That tactic is called senescence. In senescence, cells don't divide, which means a cancer could not grow.
Triggering senescence in certain cells appears to hamper the growth of some tumors, according to lab tests done on mice.
The tests were done by researchers at the University of Texas M.D. Anderson Cancer Center in Houston, including Sandy Chang, MD, PhD, an assistant professor of molecular genetics.
Their study appears online in EMBO Reports, a publication of the European Molecular Biology Organization (EMBO).
Chang and colleagues focused on the p53 gene, a gene within cells that works to nip cancer in the bud.
The p53 gene springs into action within DNA-damaged cells. Such damage can happen as cells age but can also be triggered by cancer risk factors.
Normally, the p53 gene within a DNA-damaged cell orders the cell to die -- a sort of cell suicide -- or to become senescent.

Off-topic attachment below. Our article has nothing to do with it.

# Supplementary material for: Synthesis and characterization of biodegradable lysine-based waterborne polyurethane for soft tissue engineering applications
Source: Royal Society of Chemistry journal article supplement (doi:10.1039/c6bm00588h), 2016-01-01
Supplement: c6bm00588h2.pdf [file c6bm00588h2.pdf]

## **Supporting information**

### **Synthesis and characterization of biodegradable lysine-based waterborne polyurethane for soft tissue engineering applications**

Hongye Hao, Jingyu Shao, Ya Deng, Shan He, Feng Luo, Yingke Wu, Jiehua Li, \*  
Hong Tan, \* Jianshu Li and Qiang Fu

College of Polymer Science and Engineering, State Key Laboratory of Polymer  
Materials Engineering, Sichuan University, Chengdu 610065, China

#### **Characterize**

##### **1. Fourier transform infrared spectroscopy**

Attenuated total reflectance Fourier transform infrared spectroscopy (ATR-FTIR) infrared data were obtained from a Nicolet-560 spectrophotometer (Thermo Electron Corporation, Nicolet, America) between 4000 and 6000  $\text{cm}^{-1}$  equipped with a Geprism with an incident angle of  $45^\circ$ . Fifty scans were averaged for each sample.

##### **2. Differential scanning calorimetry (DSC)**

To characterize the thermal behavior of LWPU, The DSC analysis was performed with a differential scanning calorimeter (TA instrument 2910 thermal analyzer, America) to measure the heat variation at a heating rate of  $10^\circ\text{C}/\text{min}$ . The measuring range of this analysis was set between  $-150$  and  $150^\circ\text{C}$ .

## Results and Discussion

But p53 gene mutations can make that process go awry, promoting cancer instead of suppressing it, Chang tells WebMD in an email interview.
In their study, Chang's team looked at mice with a p53 gene mutation that only allowed the p53 gene to order senescence, not apoptosis (or self-destruction).
That is, the mutated p53 gene could prevent DNA-damaged cells from dividing, but it couldn't make the cells die.
The researchers damaged the mice's DNA by shortening the telomeres (the tips of the chromosomes) in some intestinal cells.
In response to that DNA damage, the mice's mutated p53 gene swung into action. Since it couldn't order DNA-damaged cells to die, it ordered them to become senescent.
The senescence helped stop tumor development in the intestinal cells, the study shows.
Chang says senescence ordered by the p53 gene is "extremely important" in suppressing tumor formation and is as important as apoptosis.
But in some cancers, senescence might not be enough to halt cancer, the researchers found.
Perhaps apoptosis is more important than senescence in fully suppressing some types of cancer, the researchers conclude.